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Budget 2018 - reaction

Deal or no deal? This was the real elephant in the room when Chancellor Philip Hammond stood up to deliver his autumn 2018 budget speech.

Because if we end up leaving the EU without a deal next March, chances are that many of the fiscal measures he outlined will have to be ripped up, rewritten, and presented all over again.

It was a delicate balancing act for the chancellor, who had to try to live up to Theresa May’s pledge that the age of austerity is almost over, while at the same time keeping one eye on the spectre of Brexit.

Cheshire's market towns will have no doubt been cheered by the £675 million pot of money to help reduce business rates for small independent traders – but as online trading continues to see off even the biggest names on our high streets, many have questioned whether it’s still too little, too late.

James Lowman, boss of the Association of Convenience Stores, welcomed the fact that concerns were being heard, but added: “We also need to continue the debate on how the business rates system can promote investment in stores so they can compete in a rapidly changing retail environment.”

There was delight in many quarters to see a Budget so focused on business, with money for a further 10,000 start up loans, assistance for apprentice funding, preservation of entrepreneurs tax relief and one third discounted from business rates for small businesses with a rateable value below £51,000 . . . all countered by the UK digital services tax which will come into force in April 2020 and raise over £400m.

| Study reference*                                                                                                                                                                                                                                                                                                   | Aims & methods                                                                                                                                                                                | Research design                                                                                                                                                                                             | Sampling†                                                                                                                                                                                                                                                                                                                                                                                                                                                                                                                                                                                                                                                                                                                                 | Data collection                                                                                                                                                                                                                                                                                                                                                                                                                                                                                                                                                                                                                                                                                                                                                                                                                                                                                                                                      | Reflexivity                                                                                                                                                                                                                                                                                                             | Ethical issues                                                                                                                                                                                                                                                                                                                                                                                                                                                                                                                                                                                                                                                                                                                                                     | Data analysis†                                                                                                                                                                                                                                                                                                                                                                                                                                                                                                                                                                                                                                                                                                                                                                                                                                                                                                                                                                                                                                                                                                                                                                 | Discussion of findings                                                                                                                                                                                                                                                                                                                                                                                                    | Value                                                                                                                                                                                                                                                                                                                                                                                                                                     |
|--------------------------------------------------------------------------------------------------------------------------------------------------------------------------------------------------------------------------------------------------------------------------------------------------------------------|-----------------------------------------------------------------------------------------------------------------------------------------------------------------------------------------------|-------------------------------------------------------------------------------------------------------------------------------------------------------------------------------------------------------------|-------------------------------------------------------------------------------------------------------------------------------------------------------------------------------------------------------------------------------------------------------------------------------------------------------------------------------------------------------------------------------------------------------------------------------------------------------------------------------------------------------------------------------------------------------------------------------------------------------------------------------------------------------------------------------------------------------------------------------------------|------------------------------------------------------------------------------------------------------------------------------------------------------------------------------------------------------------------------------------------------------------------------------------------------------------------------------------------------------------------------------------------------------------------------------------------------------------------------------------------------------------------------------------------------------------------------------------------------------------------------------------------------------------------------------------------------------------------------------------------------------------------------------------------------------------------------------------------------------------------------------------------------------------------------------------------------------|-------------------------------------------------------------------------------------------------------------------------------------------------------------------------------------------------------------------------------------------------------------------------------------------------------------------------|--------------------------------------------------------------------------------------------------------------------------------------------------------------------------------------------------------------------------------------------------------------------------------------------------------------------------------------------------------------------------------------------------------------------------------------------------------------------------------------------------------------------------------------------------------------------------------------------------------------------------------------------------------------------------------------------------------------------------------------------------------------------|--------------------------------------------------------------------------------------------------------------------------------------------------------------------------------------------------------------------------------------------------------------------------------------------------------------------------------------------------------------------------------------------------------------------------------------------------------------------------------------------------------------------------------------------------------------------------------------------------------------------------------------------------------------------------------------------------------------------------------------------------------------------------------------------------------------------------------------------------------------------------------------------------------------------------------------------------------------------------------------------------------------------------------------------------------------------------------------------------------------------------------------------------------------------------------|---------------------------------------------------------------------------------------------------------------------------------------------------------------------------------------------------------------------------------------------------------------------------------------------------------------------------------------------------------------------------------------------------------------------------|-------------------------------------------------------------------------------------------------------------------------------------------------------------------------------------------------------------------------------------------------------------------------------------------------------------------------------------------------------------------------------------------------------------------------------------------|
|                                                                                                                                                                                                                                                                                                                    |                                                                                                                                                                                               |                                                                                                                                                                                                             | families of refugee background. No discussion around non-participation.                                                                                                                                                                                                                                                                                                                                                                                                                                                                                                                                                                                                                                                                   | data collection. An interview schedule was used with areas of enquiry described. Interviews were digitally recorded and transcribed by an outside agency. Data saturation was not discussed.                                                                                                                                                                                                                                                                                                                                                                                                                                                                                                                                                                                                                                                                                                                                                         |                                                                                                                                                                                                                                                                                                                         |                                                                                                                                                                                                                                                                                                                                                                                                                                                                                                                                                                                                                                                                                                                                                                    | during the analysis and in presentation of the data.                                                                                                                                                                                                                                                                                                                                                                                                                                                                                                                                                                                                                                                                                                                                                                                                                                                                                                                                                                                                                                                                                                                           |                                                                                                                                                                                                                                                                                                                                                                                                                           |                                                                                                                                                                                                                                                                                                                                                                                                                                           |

But the founder and CEO of Emoov.co.uk, Russell Quirk, said: “As expected, the Government has chosen to turn its back on addressing the current housing crisis and has instead deployed yet more cheap magic tricks and white rabbits in an attempt to divert our attention.

"Retrospective stamp duty relief on shared ownership properties up to £500,000 is a very small give away and £500 million to help with an additional 650,000 homes will equate to nothing but rhetoric.

"To say that the big developers are not land banking shows a completely naive disconnect from reality. Today absence of any meaningful housing announcements is disappointing, to say the least especially when housing is the second hottest political topic in this day and age."

Patrick O’Brien, UK Retail Research Director at GlobalData, added: “The £900m extension to small business rate relief gives an estimated 500,000 independent shops a boost but does nothing for the long list of struggling retail chains who were hoping, for once, that they would have their tax burden reduced.

“Amazon is being targeted as part of the new digital services tax, where the government expects to raise £400m a year from digital platform giants, but none of that extra tax will be used to lessen the onerous rates bills that the likes of Carpetright, Mothercare or Debenhams struggle with.

“Physical retail chains continue to bear a disproportionate burden of business rates, and while the current government included a manifesto commitment to conduct 'a full review of the system to make sure it is up to date for a world in which people increasingly shop online', it continues to avoid tackling the issue head on.”

Alex Buttle of car buying comparison website Motorway.co.uk, added: “The Chancellor’s immediate investment of £420m to tackle the UK’s pothole epidemic just won’t cut the mustard. It sounds like a big number, but a recent report suggested councils already have a shortfall of £556 million just to fix the issue in 2017/18, so this won’t even cover this year’s deficit."

Adam Marshall from the British Chambers of Commerce praised the ‘rock-solid commitment by the Chancellor to Entrepreneur's Relief’, describing it as an ‘important signal to those taking big risks to start up and grow firms here in the United Kingdom’.